12.14.14 Pointing is Occasionally Necessary

December 14, 2014

3 ADVENT A 2014

In the name of the Father, and of the Son, and of the Holy Spirit.  Amen.

 It’s rude to point.  But sometimes it’s absolutely necessary.

Today we consider the most famous pointer in the history of Western art—and certainly the most famous pointer in the Christian church.  This is John the Baptist, the cousin of Jesus, whose call to repentance in the wilderness helped to pave the way for the people to see and to acknowledge Jesus as Messiah.

Both last week and this week we read about John, clothed in camel hair and eating honey and locusts.  What a figure he must have cast—even in his own day.  Today’s selection from the gospel of John the Divine is plucked from two different contexts within the same chapter.  Verses 6 through 8 come from the prologue—or beginning—of John’s gospel.  You know the piece—it starts with “In the beginning was the Word.  And the Word was with God.  And the Word was God.”   These words make it clear that he was a witness to the light—to Jesus.  He was nothing other than a witness, one who bore testimony to the Son.  He wasn’t the Messiah.

The second part of the gospel comes after the poetic prologue.  It’s embedded in the “story part” of the first chapter.  Here we see John the Baptizer confronted by some priests and temple officials from Jerusalem, sent by the Pharisees, who grill him about his identity.  He emphatically states to them that he isn’t the Messiah—but instead he’s one who’s sent to make the Messiah’s way a little easier.  It’s funny—if you start counting you’ll see that there are 10 negative words in this passage.  John is saying who he is / by saying who he isn’t.   (Barbara Brown Taylor, in Feasting on the Word for 3 Advent, Year B, vol. 1, page 71.)

In the words of Isaiah, he’s preparing the way of the Lord.  He tells the representatives from the Pharisees that he baptizes so as to fulfill his call to provide the people a way to symbolize their repentance and inner cleansing.  He baptizes with water. 

 And he tells them that Messiah is coming—and he’s already standing among them, actually, but as yet an unknown.  He is a great figure, and no human will be able to compare with him. 

He’s pointing to Jesus. 

Now take a look at the picture near the end of today’s bulletin.  It’s a wonderful and very famous portrait of John the Baptist, and it’s at the bottom right-hand corner in a beautiful, big piece of work done by Matthias Grunewald for the wall behind the altar at Isenheim, in Alsace, in the eastern part of France.  In the center of the picture is a very graphic—even horrific—portrayal of Jesus, dead on the cross.  But down at the right corner is John the Baptist, pointing to Jesus.

 Behind John are the words that come from the gospel, a little further on from our selection today.  “He must increase; I must decrease.” In other words, “I must be smaller, but he must be larger.”  And in the perspective of the altarpiece, that is how it is as well.

 His pointing finger says, “Look to him.  Look to your savior.  He’s the one who is your God.”  To echo last week’s reading from Isaiah, John’s body language in the painting is saying what Isaiah said to his people, “Behold your God!”  This is a classic theme for Advent.  Behold your God!  He is coming to save you.  He must increase, and you must decrease.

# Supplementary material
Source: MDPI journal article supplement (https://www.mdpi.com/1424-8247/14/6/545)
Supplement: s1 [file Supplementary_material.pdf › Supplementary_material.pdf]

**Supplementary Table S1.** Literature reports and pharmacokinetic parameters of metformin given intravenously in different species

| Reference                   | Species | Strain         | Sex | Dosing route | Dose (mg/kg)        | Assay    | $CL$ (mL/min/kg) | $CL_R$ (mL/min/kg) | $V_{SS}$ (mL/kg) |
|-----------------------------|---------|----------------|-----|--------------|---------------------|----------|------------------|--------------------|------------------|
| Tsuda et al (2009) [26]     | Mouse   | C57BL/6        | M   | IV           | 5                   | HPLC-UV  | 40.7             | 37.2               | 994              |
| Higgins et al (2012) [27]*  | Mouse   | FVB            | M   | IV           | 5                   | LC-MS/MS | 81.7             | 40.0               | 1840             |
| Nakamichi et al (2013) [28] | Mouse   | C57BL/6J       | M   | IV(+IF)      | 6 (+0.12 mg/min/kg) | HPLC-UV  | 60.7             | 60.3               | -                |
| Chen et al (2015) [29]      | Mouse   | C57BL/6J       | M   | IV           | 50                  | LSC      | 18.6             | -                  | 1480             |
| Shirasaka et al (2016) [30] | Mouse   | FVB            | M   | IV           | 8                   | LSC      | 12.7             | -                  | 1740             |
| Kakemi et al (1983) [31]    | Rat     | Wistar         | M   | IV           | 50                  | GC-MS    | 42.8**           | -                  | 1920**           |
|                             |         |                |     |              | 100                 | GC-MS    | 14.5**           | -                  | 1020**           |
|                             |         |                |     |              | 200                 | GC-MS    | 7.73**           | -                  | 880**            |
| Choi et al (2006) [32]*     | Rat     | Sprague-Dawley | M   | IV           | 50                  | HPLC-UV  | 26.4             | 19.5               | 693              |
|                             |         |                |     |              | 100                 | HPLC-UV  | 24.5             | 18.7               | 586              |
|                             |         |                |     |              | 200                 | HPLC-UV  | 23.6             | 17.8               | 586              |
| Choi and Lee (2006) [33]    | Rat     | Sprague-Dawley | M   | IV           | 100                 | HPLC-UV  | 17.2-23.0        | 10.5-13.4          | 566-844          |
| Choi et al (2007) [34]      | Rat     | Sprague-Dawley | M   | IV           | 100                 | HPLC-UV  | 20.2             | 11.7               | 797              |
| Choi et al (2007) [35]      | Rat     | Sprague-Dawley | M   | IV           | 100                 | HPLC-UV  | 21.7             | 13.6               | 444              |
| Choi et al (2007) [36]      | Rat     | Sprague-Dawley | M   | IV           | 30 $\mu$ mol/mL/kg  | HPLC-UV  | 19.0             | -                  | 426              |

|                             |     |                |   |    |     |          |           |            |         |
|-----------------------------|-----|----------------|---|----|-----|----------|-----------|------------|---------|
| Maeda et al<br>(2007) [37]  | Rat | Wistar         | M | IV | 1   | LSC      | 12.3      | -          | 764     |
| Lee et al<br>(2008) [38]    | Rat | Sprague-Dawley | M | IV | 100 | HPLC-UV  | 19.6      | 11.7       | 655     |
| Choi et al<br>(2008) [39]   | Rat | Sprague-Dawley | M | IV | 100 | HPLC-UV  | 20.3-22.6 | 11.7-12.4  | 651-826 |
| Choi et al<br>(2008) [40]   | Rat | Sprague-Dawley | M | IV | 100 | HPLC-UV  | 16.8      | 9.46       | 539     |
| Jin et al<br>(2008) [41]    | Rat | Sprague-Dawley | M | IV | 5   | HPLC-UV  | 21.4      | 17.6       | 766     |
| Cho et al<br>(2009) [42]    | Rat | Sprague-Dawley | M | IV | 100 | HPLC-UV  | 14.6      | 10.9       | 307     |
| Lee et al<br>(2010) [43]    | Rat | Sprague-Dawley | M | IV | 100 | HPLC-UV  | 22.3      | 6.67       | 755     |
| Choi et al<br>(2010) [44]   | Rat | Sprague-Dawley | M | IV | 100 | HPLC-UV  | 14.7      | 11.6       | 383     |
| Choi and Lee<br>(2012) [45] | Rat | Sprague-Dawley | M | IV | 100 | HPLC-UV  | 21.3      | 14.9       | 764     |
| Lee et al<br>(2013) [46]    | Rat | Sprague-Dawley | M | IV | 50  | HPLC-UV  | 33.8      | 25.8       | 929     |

John is often called the last of the Old Testament prophets.  And as such his message touched on sources of stain in people’s hearts.  The OT prophets cited both social justice issues as well as issues of idolatry in their preaching the thoughts and the feelings of God.

Today, where might John point us in terms of social justice issues that need our attention?  I think he might point us to all the violence on our streets and in our schools, particularly on this day, the 2nd anniversary of the Sandy Hook killings.  Might he decry our spending cuts that translate too often into withdrawal of services to the most needy, including those who need mental health services?  Might he point us to look more closely at the roots of violence and do what we can to encourage fewer weapons among us?

And what of idolatry?  Might John marvel at how we are increasingly pulled away from worship by our emphasis on lifestyles where we make ourselves and our kids crazy trying to have it all?  Might he point to our increasing practice of slighting worship and prayer in favor of the sleep we need because we’re too busy during the rest of the week?

Yes, pointing is rude.  But sometimes it’s necessary.

And now, as the first of the New Testament prophets, John would also encourage us to point to Jesus in our midst.  To point to where we’ve seen God breaking into lives and hearts.

Let me do a little pointing.  I point to the parish hall, where the Christ was mightily present with the Vestry this past Monday night, and where there are so many bags of groceries for others who need some help this year.  I point south and west toward New York, where the presence of God was apparent as the editors of Time Magazine named all the Ebola responders as the people of the year for 2014. 

Others in the congregation?  Where might you point today to witness and to testify about where you’ve seen God-- where you’ve seen Jesus-- most active lately?

  • To the congregation, who are saving for a 2nd Ugandan well (pointing);

  • to the sacristy, where our Altar Guild not only prepare the things of worship, but also look out for each other so lovingly (pointing);

  • to the kitchen, scene of yesterday’s cookie wrap and today’s pickup and delivery—sending love and calories all over the town (pointing).

It’s rude to point.  But it’s part of our calling to be witnesses to God’s love and presence—to Jesus’ love and presence—just as John the Baptist was a witness to him, first.  Don’t stop pointing.